Post World War II buildings in the Winsted Green Historic District are generally not compatible with the historic scene. Unfortunately a fast food restaurant (Dairy Queen) has occupied an important corner by the south end of the green since about 1955. In the 1960's another poorly designed commercial building has been erected east of the Dairy Queen building further crowding the very important Hall House. The one-story commercial building at 21 Park Place West has no embellishments to diminish the stark appearance of its ugly facade. The long, horizontal lines of the one-story Temple Beth Israel building erected in 1957-58 are incompatible in this district of 2- to 4-story buildings. A gas station of one-story Colonial Revival design has been an intrusion in the residential section of the district since the mid 1940's. In recent years its visual impact has increased due to the erection of large additions.
Since 1799 when the construction of the Green Wood Turnpike stimulated its development, the area comprising the Winsted Green Historic District has been one of mixed uses containing stores and factories as well as residences, churches, schools, and a burying ground. The picturesque green, a notable landscaped area with fountains and monuments, is the Winsted Green Historic District's focal point. Scattered around it are noteworthy examples of 19th century domestic and commercial architecture whose quality is a reminder of the prosperity brought to Winsted by its manufacturing. Among specific examples deserving mention are the Gideon Hall Jr. House (49 Main Street), Greek Revival; the Italianate house at 20 Park Place East with original vernacular details; the George W. Phelps House, Stick style; and the Baird & Woodruff Block (70-74 Main Street), Second Empire. Unfortunately the high quality of 19th century buildings is not found in post 1930 structures in the district.
Prior to the opening of the Green Wood Turnpike in 1799, settlement in Winsted had focused on Wallen's Hill, east of the Still River and where the meetinghouse was located. However, the turnpike which followed the present Main Street, was part of the heavily used highway between Hartford and Albany and stimulated development on the level area south of it and west of the Still River. Near the crossroads of the turnpike and a new six-rod wide road built on the west side of the Still River, a meetinghouse was built in 1800-1805 and in 1803 a tavern was erected. (Both buildings no longer stand.)
The open area near the meetinghouse was used as a parade ground. By 1802 the green had taken definite form when this land was purchased "to be kept forever as a public parade."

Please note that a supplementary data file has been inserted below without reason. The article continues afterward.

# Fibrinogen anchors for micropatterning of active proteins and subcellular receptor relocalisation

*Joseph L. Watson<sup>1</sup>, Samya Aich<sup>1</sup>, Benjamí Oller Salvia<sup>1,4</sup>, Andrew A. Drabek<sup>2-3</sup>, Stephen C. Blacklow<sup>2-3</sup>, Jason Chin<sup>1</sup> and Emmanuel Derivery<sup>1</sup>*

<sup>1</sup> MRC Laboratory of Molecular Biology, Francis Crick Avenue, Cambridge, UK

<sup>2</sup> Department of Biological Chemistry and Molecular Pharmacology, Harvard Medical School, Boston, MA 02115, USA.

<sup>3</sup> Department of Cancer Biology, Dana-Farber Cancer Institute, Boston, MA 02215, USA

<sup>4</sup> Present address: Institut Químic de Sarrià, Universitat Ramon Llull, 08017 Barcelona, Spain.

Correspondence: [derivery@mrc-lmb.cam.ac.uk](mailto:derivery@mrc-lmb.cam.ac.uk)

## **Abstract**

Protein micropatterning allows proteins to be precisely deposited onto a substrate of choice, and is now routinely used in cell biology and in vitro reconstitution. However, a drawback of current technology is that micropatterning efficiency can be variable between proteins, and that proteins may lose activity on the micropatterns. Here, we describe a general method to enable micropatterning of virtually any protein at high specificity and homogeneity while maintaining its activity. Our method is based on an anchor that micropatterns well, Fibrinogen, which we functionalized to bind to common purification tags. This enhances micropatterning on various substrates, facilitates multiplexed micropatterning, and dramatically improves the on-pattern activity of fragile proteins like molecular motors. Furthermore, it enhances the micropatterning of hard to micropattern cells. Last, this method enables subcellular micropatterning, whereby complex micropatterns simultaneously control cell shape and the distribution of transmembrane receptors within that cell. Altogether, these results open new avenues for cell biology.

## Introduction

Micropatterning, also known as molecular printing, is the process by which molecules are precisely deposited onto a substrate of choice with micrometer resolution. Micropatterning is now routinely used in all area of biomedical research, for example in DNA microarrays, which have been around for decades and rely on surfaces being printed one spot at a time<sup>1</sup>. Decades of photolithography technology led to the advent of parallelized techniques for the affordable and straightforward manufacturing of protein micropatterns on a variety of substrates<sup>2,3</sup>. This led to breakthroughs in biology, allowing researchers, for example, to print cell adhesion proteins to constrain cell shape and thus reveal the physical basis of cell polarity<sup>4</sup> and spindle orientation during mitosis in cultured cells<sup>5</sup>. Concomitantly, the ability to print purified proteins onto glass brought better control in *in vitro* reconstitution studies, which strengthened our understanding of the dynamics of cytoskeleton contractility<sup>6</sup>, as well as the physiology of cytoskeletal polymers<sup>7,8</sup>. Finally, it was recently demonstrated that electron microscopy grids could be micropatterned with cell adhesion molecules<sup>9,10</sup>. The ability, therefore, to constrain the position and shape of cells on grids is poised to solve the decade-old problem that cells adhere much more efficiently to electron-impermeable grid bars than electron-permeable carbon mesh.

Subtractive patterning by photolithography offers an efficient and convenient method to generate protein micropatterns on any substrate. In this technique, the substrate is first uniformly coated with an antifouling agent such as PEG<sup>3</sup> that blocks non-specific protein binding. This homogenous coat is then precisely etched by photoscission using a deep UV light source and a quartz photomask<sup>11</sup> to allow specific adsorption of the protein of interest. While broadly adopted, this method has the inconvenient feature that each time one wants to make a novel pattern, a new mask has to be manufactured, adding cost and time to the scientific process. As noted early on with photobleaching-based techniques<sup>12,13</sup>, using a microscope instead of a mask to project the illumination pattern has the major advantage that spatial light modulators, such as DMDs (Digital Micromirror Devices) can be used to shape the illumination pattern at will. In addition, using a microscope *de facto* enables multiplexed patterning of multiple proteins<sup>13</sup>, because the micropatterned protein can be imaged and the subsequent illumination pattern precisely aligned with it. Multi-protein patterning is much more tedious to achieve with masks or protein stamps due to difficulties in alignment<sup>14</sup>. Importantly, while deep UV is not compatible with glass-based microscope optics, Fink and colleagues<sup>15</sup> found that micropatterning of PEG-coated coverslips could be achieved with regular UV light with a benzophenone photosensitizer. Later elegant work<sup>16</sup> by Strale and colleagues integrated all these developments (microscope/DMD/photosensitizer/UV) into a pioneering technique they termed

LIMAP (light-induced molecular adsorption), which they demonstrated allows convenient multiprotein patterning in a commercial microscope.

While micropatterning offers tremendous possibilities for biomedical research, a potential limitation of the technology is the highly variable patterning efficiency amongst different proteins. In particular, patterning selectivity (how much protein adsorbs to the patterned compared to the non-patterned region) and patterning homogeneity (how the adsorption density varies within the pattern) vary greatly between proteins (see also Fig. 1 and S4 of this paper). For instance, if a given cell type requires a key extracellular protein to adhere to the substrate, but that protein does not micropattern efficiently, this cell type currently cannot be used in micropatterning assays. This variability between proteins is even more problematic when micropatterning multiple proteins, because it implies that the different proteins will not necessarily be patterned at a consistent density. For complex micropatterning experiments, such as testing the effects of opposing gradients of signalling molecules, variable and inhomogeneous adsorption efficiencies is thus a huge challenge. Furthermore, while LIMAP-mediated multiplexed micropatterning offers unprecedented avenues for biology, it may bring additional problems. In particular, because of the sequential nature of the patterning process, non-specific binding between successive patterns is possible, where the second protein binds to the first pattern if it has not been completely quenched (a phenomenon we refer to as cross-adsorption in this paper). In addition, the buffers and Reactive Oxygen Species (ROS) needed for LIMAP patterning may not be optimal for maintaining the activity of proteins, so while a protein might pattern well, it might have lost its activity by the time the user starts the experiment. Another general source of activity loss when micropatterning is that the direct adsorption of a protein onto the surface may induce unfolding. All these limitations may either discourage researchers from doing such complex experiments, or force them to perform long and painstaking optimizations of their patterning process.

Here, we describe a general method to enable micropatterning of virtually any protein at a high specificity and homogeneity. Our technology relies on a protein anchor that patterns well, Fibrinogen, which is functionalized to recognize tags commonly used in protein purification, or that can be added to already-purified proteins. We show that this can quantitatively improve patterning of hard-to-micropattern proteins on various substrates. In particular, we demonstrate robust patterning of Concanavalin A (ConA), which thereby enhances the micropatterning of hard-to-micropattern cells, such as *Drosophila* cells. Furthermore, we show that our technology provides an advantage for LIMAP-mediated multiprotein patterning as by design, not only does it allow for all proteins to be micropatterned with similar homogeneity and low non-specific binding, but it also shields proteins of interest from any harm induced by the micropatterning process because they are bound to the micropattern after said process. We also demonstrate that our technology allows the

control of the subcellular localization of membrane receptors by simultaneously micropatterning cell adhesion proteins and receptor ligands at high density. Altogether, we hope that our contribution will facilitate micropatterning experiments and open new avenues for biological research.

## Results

Gradually a village grew up around the green and Winsted became a prosperous manufacturing town due to the easily available water power from the Mad and Still Rivers and to convenient transportation. Nineteenth century builders saw no need to separate residences from factories and stores, therefore, from the beginning buildings of varying functions ware erected around the green.
Very few early 19th century buildings remain since they have been replaced or extensively altered. The gable-ended Federal period house at 45 Park Place West is the oldest building in the Winsted Green Historic District retaining architectural integrity. It was erected in 1816 by Sheldon Kenney. The houses at 66 and 40 Park Place East may have been erected about the same time, but 20th century alterations have reduced their significance. Another altered building, but one of considerable local historical interest, is the small, two-story brick commercial structure at 82 Main Street. It was erected in 1828 as a school and became well known as Rockwell's Academy after being purchased by Henry E. Rockwell in 1830. A woodcut of the Winsted Green in John W. Barber's Connecticut Historical Collections (1836) shows this gable-ended structure with a now missing cupola.
The Greek Revival house at 49 Main Street which faces the south end of the green is one of the most architecturally distinguished buildings in Winsted. This imposing house with a two-story colonnade of Doric columns extending the full width of its main block was built about 1840 by Gideon Hall, Jr. Hall, a graduate of Litchfield Law School, had opened his law office on the Winsted Green about 1830. (The law office building is gone.) He subsequently became a judge.